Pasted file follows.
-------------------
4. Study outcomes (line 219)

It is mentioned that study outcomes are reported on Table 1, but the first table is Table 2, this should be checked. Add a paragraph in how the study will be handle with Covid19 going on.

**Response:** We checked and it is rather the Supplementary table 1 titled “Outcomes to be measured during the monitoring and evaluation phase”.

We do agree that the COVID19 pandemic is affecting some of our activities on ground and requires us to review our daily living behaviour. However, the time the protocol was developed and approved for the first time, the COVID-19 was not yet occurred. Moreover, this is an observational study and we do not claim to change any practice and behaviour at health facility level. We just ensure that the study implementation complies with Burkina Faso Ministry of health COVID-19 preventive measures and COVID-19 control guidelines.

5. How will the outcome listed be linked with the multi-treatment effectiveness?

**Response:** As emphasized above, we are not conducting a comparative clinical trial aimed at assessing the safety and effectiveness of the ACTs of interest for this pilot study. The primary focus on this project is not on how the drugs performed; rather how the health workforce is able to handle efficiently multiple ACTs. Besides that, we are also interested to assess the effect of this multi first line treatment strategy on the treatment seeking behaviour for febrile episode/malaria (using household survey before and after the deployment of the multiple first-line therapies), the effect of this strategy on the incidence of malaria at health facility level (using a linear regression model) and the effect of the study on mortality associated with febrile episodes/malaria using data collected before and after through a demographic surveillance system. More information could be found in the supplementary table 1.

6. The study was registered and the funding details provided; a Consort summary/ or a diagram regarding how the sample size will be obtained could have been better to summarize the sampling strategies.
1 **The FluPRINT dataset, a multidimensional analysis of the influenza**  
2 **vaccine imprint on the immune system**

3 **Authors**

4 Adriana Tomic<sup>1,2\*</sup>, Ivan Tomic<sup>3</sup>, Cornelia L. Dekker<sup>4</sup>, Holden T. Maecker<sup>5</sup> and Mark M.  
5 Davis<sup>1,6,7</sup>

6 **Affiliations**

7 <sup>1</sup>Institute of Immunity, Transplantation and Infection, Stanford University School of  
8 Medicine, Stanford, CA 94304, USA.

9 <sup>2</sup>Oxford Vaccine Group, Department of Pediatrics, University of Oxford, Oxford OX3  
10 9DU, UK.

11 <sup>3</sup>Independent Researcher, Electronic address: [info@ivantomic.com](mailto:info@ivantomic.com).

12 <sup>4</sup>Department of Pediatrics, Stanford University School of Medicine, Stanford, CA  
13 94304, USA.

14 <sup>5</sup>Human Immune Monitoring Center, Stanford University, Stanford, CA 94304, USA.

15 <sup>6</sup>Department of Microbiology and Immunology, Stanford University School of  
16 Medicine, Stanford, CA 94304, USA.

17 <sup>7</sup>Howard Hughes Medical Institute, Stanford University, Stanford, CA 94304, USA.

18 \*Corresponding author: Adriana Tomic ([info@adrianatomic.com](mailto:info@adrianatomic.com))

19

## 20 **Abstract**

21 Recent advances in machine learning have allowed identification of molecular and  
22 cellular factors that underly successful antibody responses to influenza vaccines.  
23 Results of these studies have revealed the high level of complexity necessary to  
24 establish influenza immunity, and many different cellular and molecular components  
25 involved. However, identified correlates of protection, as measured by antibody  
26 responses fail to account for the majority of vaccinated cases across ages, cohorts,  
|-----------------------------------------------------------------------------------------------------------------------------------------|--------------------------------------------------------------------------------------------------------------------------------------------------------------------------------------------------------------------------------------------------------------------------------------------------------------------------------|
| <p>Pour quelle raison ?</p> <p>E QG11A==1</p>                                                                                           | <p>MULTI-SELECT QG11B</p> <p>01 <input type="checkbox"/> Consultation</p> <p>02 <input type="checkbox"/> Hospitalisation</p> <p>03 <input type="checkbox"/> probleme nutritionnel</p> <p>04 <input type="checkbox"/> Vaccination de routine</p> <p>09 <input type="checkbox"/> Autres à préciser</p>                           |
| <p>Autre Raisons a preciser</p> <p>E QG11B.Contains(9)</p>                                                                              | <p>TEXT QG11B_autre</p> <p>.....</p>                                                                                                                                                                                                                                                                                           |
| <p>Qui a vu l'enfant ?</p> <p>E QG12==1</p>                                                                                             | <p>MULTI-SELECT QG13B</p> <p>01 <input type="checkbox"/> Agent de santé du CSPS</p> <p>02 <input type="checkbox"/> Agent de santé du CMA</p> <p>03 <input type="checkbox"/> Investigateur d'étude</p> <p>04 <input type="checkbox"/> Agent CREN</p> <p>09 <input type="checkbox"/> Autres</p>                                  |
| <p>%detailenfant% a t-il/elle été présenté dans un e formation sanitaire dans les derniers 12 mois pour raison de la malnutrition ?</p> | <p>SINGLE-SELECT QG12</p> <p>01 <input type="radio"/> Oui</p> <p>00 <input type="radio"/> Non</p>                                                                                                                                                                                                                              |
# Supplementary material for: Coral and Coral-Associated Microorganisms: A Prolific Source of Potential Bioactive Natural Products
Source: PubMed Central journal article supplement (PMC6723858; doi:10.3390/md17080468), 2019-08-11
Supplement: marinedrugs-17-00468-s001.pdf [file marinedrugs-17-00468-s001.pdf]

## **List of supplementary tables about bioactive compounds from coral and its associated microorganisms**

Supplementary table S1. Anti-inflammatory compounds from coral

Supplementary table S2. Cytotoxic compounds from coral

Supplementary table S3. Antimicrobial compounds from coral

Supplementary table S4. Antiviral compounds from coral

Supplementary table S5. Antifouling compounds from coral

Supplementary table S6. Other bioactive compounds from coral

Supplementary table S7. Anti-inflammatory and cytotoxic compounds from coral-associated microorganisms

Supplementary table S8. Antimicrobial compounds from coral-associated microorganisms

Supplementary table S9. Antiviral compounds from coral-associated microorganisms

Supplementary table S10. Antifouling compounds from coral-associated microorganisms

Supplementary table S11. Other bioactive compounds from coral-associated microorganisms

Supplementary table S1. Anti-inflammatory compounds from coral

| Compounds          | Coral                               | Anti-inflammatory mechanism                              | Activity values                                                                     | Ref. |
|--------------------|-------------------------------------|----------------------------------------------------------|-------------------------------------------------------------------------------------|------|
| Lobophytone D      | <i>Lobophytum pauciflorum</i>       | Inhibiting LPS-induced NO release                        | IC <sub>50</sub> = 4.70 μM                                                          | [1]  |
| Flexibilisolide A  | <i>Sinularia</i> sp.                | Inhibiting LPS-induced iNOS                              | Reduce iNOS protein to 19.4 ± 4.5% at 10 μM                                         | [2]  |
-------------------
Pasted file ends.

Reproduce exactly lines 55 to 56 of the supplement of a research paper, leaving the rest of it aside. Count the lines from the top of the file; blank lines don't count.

| Compounds          | Coral                               | Anti-inflammatory mechanism                              | Activity values                                                                     | Ref. |
|--------------------|-------------------------------------|----------------------------------------------------------|-------------------------------------------------------------------------------------|------|